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Masses, Passions, Requiems - Released June 2, 2017 | PentaTone

Hi-Res Booklet
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Masses, Passions, Requiems - Released March 24, 2017 | Ricercar

Hi-Res Booklet Distinctions 5 de Diapason - Choc de Classica
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Masses, Passions, Requiems - Released March 17, 2017 | ECM New Series

Hi-Res Booklet Distinctions 5 de Diapason - 5 Sterne Fono Forum Klassik
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Masses, Passions, Requiems - Released March 10, 2017 | SDG

Hi-Res Booklet Distinctions 5 de Diapason - Gramophone Award - Gramophone Record of the Month - 5 Sterne Fono Forum Klassik
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Masses, Passions, Requiems - Released December 2, 2016 | BIS

Hi-Res Booklet Distinctions 5 de Diapason - Gramophone Award - Gramophone Editor's Choice - Special Soundchecks - 5 Sterne Fono Forum Klassik
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Masses, Passions, Requiems - Released October 7, 2016 | Challenge Classics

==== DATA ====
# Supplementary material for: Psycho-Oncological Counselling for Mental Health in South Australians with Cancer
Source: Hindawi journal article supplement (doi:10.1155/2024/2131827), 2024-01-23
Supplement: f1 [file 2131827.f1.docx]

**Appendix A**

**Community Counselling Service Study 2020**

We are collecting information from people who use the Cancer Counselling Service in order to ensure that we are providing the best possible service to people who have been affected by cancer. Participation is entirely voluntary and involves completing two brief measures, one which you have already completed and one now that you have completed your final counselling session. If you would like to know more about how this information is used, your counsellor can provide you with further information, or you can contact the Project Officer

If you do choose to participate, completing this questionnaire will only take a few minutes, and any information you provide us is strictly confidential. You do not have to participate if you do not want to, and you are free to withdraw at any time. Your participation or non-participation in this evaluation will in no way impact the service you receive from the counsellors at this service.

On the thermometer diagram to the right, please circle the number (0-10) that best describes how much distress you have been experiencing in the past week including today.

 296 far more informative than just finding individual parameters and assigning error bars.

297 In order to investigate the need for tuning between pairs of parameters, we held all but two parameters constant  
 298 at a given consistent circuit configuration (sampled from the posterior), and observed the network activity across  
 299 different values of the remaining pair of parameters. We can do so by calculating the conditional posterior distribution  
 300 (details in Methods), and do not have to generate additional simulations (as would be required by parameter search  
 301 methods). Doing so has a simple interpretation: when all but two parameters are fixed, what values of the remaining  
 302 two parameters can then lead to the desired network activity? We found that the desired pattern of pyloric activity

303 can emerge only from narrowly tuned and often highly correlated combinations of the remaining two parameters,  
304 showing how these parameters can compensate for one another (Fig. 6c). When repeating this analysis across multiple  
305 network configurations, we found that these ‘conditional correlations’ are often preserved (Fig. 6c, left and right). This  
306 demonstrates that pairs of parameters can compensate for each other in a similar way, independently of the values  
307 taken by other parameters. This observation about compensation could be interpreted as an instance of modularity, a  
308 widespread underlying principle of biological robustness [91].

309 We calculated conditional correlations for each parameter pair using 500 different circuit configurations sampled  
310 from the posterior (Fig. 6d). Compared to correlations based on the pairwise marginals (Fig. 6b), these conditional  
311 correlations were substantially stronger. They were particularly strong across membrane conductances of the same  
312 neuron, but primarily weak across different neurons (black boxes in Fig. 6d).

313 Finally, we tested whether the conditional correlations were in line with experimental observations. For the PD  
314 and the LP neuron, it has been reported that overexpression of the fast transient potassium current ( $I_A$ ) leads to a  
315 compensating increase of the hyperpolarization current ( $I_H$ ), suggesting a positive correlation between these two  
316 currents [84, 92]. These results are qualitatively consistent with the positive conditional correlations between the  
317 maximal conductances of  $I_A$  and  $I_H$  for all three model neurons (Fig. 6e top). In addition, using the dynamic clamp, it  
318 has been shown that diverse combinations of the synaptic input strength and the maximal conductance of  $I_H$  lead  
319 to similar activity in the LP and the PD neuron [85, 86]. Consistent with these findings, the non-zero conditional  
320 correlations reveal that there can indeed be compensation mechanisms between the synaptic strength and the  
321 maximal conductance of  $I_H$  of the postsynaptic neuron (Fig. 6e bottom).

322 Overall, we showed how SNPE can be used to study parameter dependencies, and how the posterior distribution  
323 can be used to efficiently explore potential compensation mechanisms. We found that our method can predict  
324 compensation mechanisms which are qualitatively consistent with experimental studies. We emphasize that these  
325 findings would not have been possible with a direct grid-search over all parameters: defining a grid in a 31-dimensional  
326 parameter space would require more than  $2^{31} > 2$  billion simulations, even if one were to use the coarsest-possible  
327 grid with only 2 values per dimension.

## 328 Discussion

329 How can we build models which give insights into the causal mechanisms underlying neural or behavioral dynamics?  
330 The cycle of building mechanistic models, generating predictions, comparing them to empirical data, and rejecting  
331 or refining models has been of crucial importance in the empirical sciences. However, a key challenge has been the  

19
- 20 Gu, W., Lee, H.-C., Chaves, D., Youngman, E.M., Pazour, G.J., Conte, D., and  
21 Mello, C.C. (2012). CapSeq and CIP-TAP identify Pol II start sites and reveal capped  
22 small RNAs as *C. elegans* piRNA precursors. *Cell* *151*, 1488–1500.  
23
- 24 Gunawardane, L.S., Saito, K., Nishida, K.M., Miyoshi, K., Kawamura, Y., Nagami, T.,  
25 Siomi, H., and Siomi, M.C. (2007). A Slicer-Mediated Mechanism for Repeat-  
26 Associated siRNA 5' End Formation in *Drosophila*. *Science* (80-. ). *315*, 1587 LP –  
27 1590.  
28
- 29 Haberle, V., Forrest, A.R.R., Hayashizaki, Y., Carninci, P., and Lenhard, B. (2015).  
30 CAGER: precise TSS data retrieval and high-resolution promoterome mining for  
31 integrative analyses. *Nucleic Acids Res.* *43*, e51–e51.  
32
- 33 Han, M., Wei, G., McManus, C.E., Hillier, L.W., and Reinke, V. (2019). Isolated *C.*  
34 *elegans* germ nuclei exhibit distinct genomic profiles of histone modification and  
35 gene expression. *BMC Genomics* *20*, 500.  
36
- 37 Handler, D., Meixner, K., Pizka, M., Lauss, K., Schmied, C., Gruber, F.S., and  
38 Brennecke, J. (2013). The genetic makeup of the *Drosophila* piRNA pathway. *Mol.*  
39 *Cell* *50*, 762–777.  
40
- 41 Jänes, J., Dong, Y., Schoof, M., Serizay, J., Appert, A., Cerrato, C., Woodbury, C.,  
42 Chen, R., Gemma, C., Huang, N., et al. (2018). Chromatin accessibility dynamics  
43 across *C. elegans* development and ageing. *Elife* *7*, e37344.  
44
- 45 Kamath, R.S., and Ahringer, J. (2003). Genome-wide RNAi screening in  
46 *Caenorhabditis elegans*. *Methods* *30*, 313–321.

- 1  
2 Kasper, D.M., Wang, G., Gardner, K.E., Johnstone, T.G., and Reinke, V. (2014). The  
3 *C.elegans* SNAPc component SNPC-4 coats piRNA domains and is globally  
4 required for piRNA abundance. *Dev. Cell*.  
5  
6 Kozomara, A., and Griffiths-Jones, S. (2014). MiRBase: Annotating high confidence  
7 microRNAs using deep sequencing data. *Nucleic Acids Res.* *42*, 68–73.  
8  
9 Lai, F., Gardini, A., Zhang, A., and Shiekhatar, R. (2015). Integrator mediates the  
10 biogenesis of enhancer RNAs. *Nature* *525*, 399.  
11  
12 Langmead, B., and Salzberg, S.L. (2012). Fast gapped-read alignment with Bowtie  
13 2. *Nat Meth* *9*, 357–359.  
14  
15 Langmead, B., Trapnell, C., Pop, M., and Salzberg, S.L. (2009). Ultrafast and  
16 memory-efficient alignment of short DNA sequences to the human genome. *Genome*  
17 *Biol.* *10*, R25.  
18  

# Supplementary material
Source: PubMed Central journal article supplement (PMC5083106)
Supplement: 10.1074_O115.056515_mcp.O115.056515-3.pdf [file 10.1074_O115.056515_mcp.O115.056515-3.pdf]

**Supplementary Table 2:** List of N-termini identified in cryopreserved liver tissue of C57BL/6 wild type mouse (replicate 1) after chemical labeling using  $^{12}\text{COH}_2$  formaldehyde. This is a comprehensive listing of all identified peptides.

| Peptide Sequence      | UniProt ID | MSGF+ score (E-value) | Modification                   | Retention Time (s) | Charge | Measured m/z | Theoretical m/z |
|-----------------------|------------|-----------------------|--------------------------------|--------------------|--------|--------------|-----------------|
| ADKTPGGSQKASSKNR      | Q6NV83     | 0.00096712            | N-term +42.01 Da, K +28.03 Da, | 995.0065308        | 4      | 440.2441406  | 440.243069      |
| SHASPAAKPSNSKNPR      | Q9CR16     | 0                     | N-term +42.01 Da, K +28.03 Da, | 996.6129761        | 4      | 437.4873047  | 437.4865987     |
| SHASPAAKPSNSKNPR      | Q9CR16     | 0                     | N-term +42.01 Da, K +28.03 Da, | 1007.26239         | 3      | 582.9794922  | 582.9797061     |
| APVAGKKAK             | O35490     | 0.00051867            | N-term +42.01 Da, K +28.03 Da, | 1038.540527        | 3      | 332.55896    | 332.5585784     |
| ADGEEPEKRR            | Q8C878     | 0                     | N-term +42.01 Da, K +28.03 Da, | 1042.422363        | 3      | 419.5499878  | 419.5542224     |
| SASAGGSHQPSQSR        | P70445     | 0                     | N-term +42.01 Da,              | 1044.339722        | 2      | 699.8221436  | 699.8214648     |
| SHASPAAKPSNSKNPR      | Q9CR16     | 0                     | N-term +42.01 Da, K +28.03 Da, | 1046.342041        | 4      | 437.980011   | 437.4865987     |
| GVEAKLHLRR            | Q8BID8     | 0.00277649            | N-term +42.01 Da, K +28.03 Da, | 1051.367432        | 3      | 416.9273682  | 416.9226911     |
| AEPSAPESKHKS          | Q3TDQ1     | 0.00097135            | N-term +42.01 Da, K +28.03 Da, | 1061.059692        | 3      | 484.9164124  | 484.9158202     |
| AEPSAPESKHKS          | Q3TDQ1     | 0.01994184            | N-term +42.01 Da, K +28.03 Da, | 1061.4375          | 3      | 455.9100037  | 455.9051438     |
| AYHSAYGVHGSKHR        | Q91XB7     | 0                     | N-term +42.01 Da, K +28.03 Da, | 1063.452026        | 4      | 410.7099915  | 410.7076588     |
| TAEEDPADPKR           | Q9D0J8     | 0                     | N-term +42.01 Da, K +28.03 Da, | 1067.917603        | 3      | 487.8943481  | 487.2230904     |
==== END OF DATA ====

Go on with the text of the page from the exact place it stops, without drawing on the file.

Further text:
Hi-Res Distinctions 5 de Diapason
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Masses, Passions, Requiems - Released March 20, 2001 | naïve Astrée

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Masses, Passions, Requiems - Released September 29, 2014 | naïve classique

Hi-Res Booklet Distinctions 5 clés de sol d'Opéra
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Masses, Passions, Requiems - Released September 30, 2016 | BR-Klassik

Hi-Res Booklet
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Masses, Passions, Requiems - Released August 12, 2016 | Naxos

Hi-Res Booklet Distinctions 5 de Diapason
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Masses, Passions, Requiems - Released June 3, 2016 | Sony Classical

Hi-Res Booklet Distinctions Diapason d'or - Gramophone Editor's Choice - 4 étoiles de Classica
In July 2015, just eight months before his death, Nikolaus Harnoncourt conducted spiritual opus of Beethoven, the enigmatic and titanic Missa Solemnis, for a final time. It was a work that he addressed very late in his career, with 1988 being the first time. At the head of his Concentus Musicus and the Arnold Schönberg Choir, he produces an uncluttered reading, stripped of all excess weight that has restricted so many conductors in the past, including the most famous. It’s almost like attending a huge Mass! Both the Piano and silence are key, allowing the monument to emerge in all its grandeur from the calm. Suddenly the lines become clear and intelligible, the "lengths" acquire their entire purpose... what we see from the old lion Harnoncourt here is most extraordinary, with his ability to allow the listener to peer into the soul of Beethoven. If there is only one record to keep... © SM / Qobuz